The citizens of Washington are granted the authority to perform a recall election by Sections 33 and 34 of Article I of the Washington State Constitution to all elective officers of the state of Washington except judges of courts of record.

A petition for recall must include a specified number of valid signatures from registered voters determined as a percentage of total votes cast for all candidates who ran for the office in the most recent election contest. This amounts to:

  • 25 percent for state officers, other than judges, senators and representatives; city officers of cities of the first class; school district boards in cities of the first class; county officers in counties of the first, second and third classes,
  • 35 percent for officers of all other political subdivisions, cities, towns, townships, precincts, and school districts not otherwise mentioned; and state senators and representatives.
For additional detail, see: Laws governing recall in Washington

Campaign finance rules

See also: Campaign finance requirements for Washington ballot measures

Initiative process availability

The availability of initiative varies depending on the classification, form of government, and home rule status of a town, city, or county.

Counties

General law counties do not currently have initiative authority, except to petition to adopt a charter. The 6 home rule charter counties do have authority, and all 6 have adopted an initiative process.[2]

Cities

First class charter cities have a mandated initiative process for charter amendments. A first class charter city may adopt initiative for ordinances in its charter, and all 10 have done so.

Second class cities and towns do not have authority to adopt initiative.

Code cities have authority to permit initiative. If a code city exercises that authority, the initiative process is set by state statute. As of 2005, approximately 44 code cities had elected to allow initiative. There is 1 city, Shelton, which uses the commission form of government and has a mandated initiative process.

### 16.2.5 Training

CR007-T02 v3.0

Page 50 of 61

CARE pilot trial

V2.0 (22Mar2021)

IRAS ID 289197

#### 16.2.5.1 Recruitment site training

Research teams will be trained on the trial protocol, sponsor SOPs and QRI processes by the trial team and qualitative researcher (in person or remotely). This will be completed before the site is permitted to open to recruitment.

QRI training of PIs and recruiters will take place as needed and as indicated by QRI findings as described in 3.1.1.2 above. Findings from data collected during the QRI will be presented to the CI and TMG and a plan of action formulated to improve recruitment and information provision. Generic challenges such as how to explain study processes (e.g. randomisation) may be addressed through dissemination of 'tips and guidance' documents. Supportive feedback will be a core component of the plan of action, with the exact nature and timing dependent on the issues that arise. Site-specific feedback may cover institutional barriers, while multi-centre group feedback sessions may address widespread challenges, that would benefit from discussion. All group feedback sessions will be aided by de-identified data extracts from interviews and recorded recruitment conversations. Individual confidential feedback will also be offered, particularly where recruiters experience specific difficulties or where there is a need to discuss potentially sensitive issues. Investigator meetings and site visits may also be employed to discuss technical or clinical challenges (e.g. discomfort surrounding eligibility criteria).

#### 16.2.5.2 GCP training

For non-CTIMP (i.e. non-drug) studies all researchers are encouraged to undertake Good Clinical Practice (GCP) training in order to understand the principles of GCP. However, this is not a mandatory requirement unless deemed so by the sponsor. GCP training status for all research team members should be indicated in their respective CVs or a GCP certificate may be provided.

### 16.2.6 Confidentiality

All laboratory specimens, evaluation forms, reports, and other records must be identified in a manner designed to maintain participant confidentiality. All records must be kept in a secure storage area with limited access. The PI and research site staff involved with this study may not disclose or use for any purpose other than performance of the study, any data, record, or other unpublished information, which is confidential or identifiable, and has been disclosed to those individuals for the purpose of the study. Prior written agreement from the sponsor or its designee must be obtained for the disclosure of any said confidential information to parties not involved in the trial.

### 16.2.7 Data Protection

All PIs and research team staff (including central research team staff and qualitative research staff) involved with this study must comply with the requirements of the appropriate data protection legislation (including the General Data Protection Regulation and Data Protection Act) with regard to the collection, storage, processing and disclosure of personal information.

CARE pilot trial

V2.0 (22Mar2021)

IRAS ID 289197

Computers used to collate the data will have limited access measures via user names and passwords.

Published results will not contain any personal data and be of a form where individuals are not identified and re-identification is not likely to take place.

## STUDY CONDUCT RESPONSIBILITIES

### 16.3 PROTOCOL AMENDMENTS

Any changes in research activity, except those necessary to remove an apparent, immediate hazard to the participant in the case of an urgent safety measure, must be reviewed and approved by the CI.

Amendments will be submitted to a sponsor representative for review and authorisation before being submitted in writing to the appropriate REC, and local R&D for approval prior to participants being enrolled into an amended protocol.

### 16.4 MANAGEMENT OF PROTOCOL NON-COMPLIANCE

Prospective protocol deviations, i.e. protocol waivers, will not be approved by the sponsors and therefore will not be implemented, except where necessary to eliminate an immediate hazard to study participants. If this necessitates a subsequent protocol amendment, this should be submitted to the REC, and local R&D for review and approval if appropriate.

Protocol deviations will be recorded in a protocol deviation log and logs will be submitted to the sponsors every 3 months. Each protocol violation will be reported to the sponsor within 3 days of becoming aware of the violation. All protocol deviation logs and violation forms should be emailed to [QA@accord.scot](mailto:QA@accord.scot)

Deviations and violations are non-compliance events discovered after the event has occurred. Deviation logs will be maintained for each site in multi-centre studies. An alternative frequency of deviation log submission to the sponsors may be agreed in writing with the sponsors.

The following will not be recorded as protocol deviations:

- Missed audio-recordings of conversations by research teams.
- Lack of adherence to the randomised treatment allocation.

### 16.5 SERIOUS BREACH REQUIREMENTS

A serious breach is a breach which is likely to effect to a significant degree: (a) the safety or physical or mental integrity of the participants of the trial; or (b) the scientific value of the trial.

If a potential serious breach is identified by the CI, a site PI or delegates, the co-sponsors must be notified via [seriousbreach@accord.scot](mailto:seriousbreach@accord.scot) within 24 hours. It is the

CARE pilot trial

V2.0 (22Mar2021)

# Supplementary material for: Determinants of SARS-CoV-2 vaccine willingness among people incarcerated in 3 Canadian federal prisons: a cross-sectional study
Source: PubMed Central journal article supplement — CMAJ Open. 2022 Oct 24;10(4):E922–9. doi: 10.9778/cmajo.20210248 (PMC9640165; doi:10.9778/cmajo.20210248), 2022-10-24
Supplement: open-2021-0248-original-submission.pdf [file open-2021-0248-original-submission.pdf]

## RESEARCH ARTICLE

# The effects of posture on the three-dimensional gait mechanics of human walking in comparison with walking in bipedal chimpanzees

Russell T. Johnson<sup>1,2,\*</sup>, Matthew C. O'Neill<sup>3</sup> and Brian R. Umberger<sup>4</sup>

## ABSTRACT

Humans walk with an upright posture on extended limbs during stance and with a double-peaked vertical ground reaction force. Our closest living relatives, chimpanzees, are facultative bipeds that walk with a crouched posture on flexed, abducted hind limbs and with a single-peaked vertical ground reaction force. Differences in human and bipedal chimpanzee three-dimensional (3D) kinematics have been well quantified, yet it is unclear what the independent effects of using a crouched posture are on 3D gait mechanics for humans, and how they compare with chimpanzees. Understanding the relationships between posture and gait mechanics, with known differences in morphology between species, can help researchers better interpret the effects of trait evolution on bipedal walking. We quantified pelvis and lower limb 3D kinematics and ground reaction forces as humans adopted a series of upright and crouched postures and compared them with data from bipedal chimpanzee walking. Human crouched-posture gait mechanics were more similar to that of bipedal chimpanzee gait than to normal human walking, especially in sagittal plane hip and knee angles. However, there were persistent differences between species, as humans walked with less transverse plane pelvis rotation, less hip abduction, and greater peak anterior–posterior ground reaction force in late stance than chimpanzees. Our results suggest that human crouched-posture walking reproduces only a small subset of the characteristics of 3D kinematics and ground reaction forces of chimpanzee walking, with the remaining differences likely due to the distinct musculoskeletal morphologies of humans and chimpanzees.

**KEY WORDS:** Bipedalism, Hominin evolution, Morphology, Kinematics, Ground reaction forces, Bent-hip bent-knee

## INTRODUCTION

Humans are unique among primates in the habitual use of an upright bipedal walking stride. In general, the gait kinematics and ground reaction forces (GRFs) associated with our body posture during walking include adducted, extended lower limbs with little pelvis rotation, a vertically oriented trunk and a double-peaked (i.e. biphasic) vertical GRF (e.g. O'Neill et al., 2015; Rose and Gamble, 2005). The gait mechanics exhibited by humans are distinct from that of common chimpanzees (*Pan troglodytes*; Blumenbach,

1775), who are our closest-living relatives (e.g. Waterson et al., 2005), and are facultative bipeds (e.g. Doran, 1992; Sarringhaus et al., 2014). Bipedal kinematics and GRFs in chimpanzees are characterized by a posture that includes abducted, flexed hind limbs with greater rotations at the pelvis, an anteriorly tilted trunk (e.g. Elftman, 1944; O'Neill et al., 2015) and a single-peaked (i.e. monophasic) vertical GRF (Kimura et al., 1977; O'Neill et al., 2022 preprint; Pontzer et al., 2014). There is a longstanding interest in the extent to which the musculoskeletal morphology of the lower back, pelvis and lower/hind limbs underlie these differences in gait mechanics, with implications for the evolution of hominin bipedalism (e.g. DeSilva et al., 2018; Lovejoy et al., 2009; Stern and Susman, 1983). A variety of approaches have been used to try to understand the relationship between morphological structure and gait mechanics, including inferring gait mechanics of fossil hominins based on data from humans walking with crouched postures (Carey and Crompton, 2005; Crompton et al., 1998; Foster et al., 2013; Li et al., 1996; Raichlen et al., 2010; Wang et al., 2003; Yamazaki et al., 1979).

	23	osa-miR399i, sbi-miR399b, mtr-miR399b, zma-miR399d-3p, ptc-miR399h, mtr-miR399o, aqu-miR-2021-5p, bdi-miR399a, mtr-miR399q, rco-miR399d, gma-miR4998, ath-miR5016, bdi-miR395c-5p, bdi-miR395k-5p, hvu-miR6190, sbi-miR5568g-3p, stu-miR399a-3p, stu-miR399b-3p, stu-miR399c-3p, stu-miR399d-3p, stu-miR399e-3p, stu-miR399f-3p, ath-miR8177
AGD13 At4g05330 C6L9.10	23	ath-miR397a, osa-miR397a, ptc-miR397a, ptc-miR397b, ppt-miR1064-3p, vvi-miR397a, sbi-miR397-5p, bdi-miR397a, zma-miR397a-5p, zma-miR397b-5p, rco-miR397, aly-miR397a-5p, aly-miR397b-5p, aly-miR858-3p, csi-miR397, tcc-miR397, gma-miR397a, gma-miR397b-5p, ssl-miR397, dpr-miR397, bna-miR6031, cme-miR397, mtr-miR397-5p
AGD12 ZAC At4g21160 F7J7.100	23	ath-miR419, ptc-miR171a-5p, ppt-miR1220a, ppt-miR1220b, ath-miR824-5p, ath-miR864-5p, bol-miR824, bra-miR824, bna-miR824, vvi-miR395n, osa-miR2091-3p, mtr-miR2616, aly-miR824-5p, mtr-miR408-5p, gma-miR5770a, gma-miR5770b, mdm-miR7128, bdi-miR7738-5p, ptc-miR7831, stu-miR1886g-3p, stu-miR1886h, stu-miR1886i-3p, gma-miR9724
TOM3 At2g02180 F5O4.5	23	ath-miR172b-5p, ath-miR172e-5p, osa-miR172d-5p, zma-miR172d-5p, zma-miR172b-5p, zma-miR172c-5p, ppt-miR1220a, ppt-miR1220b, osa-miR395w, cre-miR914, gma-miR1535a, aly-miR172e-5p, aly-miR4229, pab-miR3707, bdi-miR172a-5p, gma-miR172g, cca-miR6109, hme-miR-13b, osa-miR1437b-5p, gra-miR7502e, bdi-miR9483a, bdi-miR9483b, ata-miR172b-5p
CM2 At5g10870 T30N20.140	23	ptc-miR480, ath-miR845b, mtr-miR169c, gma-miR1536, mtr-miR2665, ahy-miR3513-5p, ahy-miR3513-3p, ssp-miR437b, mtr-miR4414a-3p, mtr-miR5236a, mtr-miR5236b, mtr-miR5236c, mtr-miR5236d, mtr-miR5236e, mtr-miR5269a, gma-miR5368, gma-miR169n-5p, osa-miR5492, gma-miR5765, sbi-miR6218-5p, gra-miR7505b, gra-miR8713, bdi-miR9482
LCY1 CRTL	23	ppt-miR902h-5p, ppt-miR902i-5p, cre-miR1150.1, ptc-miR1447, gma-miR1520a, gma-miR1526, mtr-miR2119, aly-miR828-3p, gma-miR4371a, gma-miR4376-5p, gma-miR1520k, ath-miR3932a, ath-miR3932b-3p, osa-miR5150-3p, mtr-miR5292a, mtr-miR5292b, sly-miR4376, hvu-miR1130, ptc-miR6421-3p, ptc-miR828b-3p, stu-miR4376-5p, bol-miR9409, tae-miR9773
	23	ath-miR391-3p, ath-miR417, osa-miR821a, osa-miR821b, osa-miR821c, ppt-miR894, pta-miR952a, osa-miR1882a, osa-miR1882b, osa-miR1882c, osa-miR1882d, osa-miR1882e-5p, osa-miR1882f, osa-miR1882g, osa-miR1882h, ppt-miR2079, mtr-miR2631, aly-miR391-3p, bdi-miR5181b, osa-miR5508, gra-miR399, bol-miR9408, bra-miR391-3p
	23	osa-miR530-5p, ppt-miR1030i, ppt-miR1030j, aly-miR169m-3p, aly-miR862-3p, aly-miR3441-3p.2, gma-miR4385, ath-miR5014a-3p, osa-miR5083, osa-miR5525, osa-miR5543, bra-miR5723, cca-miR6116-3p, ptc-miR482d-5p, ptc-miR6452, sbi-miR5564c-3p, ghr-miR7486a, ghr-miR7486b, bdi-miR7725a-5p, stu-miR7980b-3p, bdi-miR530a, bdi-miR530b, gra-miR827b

The following code cities permit initiative:

Battle Ground, Bellevue, Blaine, Bonney Lake, Bothell, Brier, Burien, Camas, Chelan, Cheney, Des Moines,Edgewood, Edmonds, Ellensburg, Federal Way, Goldendale, Issaquah, Kelso, Kent, Lake Forest Park, Longview, Lynnwood, Mercer Island, Mill Creek, Monroe, Mountlake Terrace, Mukilteo, North Bend, Ocean Shores, Olympia, Rainier, Raymond, Redmond, Renton, Ridgefield, SeaTac, Sequim, Shoreline, Shelton, Tukwila, Tumwater, Walla Walla, Wenatchee, Woodinville.[8][9]
A guide to local ballot initiatives
Local Ballot Initiatives cover.jpg

Authority

Constitution

  • No explicit provision for local initiative.

Statutes

  • RCW 35.22.120 First class charter city mandated initiative for charter amendments
  • RCW 35.22.200 First class charter city authority to adopt initiative for ordinances
  • RCW 35A.11.080 Noncharter code city authority to adopt initiative for ordinances
  • RCW 35A.11.100 Noncharter code city process requirements if adopt initiative
  • RCW 35A.09.020 Charter code city (Kelso is the only one) mandated initiative for charter amendments
  • RCW 35A.29.170, 35A.01.040 All code cities petition requirements
  • RCW 35.17.220 - 35.17.360 Commission city (Shelton is the only one) mandated initiative

DocumentIcon.jpg See law: Wash. Rev. Code Title 35 and 35A

Initiative process features



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Source:Local Ballot Initiatives: How citizens change laws with
clipboards, conversations, and campaigns

Initiative in the top 10 most populated cities

List of Most Populated Cities in Washington
City[10] Population City Type Next election
Seattle 620,778 Charter N/A
Spokane 210,103 Charter N/A
Tacoma 200,678 Charter N/A
Vancouver 164,759 Charter N/A
Bellevue 124,798 General law, Optional Code N/A
Kent 120,916 General law, Optional Code N/A
Everett 104,295 Charter N/A
Renton 92,812 General law, Optional Code N/A
Yakima 92,512 Charter N/A
Federal Way 91,085 General law, Optional Code N/A

Initiative is available in the top 10 most populated cities in Washington. 6 are first class charter cities that have authorized initiative for ordinances by charter. The other 4 are code cities which have opted to permit the initiative process as provided by statute.



References

External links